11. The French Break their Treaty with the Mocamas
Saturiwa “sent messengers to Laudonnière, not merely to confirm the treaty they had entered into between them, but also in order that the latter should stand by the terms of the agreement, specifically by proving that he was a friend of the chief’s friends and an enemy of his enemies.” – Jacques le Moyne, c. 1564
The Mocamas expected the French colonists living on their land to behave as good allies and guests. In their treaty, the French agreed to join the Mocamas in their ongoing war against their main Indigenous enemies: the Thimogonas. The Thimogonas were a separate, powerful Timucua-speaking nation to the southwest of the Mocamas.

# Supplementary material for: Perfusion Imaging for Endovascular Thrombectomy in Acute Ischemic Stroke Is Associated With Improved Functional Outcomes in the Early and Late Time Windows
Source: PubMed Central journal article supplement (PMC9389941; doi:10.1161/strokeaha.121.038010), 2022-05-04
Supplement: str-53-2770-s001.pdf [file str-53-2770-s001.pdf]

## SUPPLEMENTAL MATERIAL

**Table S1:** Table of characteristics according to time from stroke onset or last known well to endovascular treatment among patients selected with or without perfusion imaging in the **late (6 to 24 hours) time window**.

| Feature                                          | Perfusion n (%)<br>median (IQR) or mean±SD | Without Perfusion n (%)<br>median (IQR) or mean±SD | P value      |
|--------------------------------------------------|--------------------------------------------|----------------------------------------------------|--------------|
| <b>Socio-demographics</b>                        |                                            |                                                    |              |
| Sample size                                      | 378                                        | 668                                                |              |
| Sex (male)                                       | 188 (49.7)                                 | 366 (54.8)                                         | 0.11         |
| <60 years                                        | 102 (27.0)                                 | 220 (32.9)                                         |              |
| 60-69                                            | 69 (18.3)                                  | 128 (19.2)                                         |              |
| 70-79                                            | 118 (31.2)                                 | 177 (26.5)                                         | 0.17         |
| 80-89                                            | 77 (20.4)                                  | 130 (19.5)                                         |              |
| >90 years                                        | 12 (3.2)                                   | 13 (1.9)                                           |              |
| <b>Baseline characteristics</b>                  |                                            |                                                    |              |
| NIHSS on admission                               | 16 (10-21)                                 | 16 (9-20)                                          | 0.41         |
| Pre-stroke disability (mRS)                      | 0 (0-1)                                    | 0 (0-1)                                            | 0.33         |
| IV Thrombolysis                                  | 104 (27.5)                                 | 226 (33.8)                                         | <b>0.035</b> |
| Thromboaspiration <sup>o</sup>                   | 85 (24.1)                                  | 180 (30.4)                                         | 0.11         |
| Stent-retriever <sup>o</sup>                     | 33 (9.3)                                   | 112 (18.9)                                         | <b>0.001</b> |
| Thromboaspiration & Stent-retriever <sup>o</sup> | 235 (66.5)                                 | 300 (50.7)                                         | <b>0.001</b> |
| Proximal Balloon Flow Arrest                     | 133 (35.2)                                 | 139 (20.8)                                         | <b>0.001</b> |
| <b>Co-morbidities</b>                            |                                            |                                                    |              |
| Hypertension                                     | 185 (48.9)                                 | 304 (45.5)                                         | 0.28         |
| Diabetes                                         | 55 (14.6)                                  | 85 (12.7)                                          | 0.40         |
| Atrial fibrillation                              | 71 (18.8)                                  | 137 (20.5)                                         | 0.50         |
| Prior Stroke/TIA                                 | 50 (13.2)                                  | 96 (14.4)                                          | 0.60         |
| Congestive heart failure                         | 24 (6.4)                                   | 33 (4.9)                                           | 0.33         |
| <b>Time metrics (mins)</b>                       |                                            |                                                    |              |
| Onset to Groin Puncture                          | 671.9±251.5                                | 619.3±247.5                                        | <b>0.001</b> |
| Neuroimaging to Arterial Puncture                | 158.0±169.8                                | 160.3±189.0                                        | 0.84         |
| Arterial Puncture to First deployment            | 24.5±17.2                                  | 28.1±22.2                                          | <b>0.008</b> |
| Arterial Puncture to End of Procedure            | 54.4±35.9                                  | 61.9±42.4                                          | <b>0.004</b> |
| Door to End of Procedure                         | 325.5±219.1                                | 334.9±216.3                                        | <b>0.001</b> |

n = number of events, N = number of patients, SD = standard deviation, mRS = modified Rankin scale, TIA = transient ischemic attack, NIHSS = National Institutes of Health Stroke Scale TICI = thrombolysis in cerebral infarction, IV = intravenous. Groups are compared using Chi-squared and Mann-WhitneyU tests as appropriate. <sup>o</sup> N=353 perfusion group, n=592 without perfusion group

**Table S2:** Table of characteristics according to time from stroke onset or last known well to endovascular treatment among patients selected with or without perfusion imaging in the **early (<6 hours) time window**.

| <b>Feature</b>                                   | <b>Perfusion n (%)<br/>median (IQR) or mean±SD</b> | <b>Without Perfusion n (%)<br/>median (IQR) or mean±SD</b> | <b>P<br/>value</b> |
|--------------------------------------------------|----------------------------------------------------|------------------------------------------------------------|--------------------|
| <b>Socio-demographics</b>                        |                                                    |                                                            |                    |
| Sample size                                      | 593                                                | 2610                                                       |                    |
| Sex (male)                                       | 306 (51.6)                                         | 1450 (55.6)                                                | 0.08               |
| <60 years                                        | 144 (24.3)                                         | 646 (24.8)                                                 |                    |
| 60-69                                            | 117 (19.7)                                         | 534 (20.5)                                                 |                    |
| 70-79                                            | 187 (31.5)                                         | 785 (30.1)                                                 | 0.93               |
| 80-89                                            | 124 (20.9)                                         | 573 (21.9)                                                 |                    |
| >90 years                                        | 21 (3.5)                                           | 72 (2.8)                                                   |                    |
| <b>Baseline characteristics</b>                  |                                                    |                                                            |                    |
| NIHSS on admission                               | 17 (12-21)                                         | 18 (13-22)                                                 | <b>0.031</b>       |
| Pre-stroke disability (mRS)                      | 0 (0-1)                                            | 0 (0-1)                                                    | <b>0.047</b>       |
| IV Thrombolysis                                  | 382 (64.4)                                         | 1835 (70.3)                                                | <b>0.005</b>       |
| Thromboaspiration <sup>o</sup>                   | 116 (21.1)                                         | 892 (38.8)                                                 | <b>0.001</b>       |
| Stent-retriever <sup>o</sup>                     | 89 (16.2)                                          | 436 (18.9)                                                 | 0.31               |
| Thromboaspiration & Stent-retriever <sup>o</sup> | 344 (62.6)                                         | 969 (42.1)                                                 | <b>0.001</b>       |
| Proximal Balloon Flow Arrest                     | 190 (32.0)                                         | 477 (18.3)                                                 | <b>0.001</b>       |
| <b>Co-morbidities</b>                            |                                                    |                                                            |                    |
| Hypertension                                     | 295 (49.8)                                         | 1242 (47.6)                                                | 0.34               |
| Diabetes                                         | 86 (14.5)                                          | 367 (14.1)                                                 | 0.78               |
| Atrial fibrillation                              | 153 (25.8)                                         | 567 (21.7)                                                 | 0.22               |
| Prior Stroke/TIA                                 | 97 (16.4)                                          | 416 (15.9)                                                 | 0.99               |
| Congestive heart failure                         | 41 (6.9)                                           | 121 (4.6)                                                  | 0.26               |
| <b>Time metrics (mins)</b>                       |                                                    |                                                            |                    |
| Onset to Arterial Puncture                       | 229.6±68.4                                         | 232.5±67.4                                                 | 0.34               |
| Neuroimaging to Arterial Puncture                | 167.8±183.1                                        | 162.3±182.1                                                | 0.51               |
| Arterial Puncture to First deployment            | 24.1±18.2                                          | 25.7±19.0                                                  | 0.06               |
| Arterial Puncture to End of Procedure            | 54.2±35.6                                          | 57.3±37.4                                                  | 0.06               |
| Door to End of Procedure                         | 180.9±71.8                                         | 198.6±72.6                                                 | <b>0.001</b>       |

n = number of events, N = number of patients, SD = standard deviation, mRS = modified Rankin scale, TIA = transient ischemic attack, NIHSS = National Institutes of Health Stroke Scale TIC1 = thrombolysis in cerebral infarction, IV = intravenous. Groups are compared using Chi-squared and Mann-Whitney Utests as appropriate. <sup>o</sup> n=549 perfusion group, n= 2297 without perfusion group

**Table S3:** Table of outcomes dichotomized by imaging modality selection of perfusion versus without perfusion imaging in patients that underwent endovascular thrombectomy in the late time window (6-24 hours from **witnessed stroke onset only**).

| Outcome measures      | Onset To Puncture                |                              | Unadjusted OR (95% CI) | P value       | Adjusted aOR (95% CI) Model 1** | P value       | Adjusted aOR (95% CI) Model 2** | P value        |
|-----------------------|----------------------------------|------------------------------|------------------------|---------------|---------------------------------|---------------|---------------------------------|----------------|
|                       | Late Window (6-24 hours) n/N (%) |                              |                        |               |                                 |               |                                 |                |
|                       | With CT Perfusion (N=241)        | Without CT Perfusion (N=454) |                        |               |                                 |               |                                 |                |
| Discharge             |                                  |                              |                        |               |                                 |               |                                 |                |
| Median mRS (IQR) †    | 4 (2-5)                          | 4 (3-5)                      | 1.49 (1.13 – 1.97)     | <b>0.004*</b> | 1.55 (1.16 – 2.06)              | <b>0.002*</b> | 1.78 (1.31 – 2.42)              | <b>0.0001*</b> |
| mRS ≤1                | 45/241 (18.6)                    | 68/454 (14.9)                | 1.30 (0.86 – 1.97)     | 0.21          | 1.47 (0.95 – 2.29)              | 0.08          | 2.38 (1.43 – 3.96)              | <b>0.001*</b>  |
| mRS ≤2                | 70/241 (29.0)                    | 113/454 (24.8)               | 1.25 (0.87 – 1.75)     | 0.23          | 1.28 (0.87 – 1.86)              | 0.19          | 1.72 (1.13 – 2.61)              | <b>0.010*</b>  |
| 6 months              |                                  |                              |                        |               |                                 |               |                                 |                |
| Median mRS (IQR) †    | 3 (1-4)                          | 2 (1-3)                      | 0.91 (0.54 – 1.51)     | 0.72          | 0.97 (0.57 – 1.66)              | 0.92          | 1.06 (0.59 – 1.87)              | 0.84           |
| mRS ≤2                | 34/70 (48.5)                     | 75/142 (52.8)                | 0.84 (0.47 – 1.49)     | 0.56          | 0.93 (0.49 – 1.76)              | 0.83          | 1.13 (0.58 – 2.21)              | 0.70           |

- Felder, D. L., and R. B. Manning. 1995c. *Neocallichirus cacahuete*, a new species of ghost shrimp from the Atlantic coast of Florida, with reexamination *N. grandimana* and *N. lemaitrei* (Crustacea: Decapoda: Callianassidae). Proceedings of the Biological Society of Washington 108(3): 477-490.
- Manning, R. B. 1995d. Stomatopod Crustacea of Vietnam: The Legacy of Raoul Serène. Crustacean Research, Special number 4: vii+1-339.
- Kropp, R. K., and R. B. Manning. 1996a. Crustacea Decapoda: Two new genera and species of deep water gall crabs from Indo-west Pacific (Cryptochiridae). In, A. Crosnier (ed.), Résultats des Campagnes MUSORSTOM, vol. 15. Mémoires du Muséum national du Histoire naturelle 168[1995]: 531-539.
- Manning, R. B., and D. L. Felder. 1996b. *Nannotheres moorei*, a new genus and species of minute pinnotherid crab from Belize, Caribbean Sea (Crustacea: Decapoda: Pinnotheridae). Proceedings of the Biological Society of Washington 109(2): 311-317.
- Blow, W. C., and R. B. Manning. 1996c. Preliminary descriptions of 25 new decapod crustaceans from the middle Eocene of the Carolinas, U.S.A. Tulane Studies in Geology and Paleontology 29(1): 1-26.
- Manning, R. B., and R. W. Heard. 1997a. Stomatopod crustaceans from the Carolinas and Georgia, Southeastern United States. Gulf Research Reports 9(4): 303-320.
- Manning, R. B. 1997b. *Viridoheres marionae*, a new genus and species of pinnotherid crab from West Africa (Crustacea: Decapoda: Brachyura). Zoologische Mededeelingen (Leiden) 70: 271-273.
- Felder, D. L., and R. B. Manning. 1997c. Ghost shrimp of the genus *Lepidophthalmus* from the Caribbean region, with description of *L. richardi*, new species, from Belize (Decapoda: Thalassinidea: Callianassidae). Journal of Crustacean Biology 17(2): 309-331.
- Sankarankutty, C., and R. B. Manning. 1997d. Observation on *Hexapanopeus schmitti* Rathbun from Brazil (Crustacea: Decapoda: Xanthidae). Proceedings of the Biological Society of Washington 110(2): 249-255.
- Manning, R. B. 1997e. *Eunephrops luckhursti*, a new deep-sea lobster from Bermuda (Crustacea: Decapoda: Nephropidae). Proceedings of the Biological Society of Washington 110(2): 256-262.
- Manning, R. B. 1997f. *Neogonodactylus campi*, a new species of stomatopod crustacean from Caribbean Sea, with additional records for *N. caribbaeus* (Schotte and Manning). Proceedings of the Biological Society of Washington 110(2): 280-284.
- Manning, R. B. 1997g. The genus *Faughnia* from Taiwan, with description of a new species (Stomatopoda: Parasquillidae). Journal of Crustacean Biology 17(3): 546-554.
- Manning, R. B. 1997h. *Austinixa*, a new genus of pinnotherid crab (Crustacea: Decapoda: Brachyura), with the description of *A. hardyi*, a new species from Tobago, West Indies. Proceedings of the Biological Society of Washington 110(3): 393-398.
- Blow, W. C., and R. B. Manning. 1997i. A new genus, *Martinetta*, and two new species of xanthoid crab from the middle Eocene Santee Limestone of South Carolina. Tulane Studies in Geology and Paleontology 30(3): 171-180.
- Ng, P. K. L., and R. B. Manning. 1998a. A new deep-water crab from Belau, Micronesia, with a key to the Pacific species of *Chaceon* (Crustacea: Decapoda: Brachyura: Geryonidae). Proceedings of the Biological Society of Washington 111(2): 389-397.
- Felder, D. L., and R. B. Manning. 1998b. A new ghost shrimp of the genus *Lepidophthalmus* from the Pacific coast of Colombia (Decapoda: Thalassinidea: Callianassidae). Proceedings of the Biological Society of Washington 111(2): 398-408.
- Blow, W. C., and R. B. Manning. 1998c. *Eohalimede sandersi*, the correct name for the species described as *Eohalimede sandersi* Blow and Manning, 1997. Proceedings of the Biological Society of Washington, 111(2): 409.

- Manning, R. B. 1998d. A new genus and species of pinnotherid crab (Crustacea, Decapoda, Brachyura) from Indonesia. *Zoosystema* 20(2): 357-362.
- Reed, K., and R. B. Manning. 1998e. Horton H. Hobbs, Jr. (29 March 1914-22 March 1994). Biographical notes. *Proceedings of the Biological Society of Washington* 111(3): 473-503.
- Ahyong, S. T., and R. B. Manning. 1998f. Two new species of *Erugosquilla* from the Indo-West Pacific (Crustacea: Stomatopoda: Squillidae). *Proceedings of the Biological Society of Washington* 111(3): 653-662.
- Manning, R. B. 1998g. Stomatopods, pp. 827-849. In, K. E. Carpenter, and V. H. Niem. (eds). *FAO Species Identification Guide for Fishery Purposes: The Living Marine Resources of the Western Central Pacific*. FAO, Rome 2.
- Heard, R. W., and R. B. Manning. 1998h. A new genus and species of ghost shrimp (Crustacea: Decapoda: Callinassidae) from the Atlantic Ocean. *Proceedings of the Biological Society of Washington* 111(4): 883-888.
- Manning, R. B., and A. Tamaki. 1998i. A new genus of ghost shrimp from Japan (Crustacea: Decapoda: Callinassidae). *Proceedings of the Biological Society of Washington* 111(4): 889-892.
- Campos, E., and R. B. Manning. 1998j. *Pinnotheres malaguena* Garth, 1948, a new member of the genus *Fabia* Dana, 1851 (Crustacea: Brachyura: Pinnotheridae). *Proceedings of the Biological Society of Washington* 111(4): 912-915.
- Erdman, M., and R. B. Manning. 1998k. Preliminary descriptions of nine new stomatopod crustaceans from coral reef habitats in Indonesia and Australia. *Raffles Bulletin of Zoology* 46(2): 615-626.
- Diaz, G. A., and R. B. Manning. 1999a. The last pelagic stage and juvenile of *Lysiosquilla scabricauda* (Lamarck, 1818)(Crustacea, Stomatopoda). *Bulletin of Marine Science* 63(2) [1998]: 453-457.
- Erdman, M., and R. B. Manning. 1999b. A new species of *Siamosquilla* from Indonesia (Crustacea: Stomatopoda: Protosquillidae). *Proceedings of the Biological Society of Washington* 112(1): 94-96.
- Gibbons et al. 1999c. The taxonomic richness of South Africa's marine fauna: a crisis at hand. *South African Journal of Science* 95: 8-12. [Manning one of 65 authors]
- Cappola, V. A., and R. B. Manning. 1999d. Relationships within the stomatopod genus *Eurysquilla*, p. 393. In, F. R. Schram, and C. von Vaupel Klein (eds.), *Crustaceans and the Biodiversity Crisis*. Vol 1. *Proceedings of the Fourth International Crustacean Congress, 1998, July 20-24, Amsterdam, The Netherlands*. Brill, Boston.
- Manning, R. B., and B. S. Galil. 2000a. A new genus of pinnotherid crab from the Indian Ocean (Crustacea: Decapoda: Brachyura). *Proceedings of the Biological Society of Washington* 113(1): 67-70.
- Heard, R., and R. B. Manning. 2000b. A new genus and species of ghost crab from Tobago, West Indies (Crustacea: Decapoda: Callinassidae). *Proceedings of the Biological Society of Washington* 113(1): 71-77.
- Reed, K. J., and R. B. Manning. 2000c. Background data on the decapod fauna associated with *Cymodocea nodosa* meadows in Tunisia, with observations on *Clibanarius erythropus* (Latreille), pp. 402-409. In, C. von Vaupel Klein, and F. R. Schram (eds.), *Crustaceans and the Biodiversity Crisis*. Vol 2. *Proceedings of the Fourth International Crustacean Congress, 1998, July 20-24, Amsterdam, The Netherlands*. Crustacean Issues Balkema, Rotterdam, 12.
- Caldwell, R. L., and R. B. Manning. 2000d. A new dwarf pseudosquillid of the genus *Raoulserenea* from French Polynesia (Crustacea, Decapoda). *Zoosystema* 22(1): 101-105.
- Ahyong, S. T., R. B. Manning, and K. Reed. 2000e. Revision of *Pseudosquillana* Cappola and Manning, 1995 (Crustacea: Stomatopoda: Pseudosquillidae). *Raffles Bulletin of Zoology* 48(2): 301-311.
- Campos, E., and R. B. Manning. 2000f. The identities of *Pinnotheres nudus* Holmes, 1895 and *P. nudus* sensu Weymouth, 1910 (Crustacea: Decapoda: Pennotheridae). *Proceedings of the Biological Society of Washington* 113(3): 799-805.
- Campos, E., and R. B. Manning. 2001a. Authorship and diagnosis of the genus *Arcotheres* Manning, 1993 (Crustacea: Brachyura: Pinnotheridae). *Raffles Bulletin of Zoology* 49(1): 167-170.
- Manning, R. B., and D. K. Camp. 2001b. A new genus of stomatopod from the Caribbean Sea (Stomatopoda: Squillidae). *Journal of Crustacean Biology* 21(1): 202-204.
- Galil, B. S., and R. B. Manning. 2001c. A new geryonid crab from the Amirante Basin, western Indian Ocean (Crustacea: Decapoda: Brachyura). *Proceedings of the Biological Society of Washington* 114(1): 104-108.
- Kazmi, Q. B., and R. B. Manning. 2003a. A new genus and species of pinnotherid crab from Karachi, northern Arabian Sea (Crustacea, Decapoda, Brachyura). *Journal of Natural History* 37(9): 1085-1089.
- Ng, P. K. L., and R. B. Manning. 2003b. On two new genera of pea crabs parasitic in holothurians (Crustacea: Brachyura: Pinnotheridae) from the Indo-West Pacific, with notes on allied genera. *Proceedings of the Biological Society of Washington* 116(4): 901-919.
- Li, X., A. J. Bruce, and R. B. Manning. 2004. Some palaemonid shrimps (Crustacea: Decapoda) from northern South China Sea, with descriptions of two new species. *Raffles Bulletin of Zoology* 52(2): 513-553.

Just weeks after agreeing to the terms of the treaty, the French began to make their own contact with the enemy Thimogonas. The Thimogonas' high chief, named Parucusi Utina, told the French that he had direct access to gold and silver mines in the Appalachian mountains—mines which did not exist. (The Mocamas, Thimogonas, and other Indigenous nations in present-day Florida had gold and silver. But they salvaged and traded it from Spanish ships that periodically wrecked off the coasts. The Spanish shipped gold and silver across the Caribbean Sea and Atlantic Ocean to Spain. But this gold and silver actually belonged to the Indigenous people of Mexico and Peru.)
The Mocamas soon discovered that the French had betrayed them. The French had refused to join Mocama war parties against the Thimogonas. But French soldiers accompanied Parucusi Utina in several different attacks on Thimogona enemies who—Utina claimed—blocked the way to the Appalachian mountains. Utina had played the French, and the French had broken their treaty with the Mocamas.